Gottino's Market Goodies, West Village

The prep area at Gottino--Love those blood oranges and heirloom apples

A slip of an Italian wine bar in the West Village, Gottino serves up some delish seasonal snacks to nibble on while you sip your Barbera d'Alba. When J and I stopped by around 9 last Thursday, we wedged ourselves against the slim marble counter opposite the bar. By the time we'd finished our first bruschetta (my favorite featured preserved tomatoes--how I long for summer!), a couple seats at the bar opened up and we squeezed in.

The bartender gave us a warm welcome--after J had ordered another glass of wine and mentioned his love of Italian whites, the bartender poured him a taste of an additional wine he thought J would like. We rounded out our late dinner with a smoked trout panzanella, blood orange salad and some apples roasted and stuffed with sausage. So, yeah, though I long for summer--winter dishes aren't so bad. The apple-sausage combo was especially satisfying--I'm a sucker for sweet and savory, especially on a cold, windy night. Though the menu features your typical wine bar staples--cheese, cured meats, olives--that's just the beginning of chef Jody Williams (she runs the kitchen at Morandi just around the corner) creation. I would tell you more, but when I asked for a copy of the (paper, flimsy) menu I hit the only sour note of the night--"we don't give that away." What I remember is lots of pork, some interesting veggie dishes, and various sardine concoctions.

The place stayed packed all night, and I think we lucked out with a spot. There are few tables in the front and back, but you'll get hungry waiting for the bartenders/waiters to part the crowds and come take your order. With patience and good timing you're better off at the bar itself--and save me a seat!

52 Greenwich Ave
New York, NY 10011

Saturday, March 22, 2008

Meyer Lemon Guava Granola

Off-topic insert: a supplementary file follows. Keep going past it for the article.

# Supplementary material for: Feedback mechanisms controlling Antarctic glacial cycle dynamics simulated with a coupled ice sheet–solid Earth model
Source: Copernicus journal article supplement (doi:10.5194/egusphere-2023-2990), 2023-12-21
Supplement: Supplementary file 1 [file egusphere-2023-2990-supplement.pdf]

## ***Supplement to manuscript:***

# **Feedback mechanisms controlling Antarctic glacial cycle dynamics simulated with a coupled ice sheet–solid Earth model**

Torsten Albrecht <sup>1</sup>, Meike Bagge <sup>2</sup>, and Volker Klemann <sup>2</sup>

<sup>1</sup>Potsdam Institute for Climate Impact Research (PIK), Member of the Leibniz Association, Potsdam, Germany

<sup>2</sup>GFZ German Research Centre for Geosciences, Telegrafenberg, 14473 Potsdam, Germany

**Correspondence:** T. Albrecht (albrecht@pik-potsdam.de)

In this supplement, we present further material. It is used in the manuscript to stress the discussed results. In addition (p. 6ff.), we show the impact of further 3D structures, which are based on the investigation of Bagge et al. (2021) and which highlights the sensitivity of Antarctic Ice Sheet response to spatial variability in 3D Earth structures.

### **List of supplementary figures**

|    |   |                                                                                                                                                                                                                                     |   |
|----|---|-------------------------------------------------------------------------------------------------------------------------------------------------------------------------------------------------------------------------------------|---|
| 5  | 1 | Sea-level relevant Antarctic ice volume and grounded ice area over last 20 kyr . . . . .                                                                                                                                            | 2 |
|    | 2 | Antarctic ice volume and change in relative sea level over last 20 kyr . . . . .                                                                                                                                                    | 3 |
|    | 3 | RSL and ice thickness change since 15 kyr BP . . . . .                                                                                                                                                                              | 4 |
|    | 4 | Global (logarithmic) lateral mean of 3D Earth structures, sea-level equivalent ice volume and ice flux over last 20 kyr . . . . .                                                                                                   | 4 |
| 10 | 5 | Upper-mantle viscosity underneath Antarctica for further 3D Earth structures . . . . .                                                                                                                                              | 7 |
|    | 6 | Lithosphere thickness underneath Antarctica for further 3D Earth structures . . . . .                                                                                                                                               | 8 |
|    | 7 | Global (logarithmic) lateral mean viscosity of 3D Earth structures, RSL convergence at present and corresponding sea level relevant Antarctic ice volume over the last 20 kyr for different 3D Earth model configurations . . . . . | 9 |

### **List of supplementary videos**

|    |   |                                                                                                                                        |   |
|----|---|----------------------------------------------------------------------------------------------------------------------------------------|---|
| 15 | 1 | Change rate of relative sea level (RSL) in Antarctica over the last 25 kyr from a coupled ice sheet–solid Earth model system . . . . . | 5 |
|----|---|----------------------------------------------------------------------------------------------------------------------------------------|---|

Meyer Lemon Guava Granola

Growing up, my little sister couldn't stand vegetables. Cooked broccoli could not sit next to her at the dinner table. She briefly became a vegetarian in high school after learning about factory farms, but it was an unsustainable venture without veggies.

How times have changed. Broccoli is now one of her favorites, and she eats like a vegetarian queen. She's the best veggie cook I know, wowing her friends with homemade chili, nursing her own sourdough starter, and concocting fabulous vegetable soups. We talk food more and more these days, and her commitment to whole grain, natural ingredients motivates me to keep my kitchen healthy. More veggies in the crisper, less white sugar in my baked goods, more brown rice in the cupboard. This granola is sweetened by one of my all-natural, unrefined choices--agave syrup--notable for its low glycemic index. The thought of adding citrus zest came from the granola recipe in Super Natural Cooking, and it will make your home smell fantastic as the granola bakes.

Meyer Lemon Guava Granola

Meyer Lemon Guava Granola

4 cups oats
1 cup chopped nuts (I used walnuts and almonds)
1/4 cup wheat germ
Zest of two Meyer lemons
1/2 stick butter
scant 1/4 cup honey
scant 1/4 cup agave syrup
1/2 cup chopped, dried guava (I found the most amazing discs of dried guava at Fairway)

Preheat oven to 350. In a large bowl, mix together oats, nuts, cinnamon, wheat germ and lemon zest.

In a medium saucepan over medium heat, mix the butter, honey and agave syrup until everything dissolves together. Stir constantly. Set aside and cool for a few minutes.

Pour butter mixture over the oats. Using a wooden spoon or your hands, mix well.

Spread oat mixture onto a large, rimmed baking sheet. Bake in oven for approximately 30 minutes, stirring frequently. Remove and let cool, then stir in chopped guava. Store in an airtight container.

Click here for another Erin's Kitchen granola recipe.

Thursday, March 20, 2008

Celebrating Spring with Brooklyn's Italian Eats

Cheese Arancini from Esposito's, Carroll Gardens

Arancini at Esposito's Pork Store, Brooklyn.

Oh, spring. You tease. Saturday was a gorgeous day. Sunny, no wind—I walked a few blocks in short sleeves with no chill. My skin hummed with happiness in the blue sky and warm air. By the time Sunday morning rolled around, it was all over. The clouds rolled in, the sky got dark, and today it’s violently windy and gray (okay, as I type this the sun is peeking out, but just barely).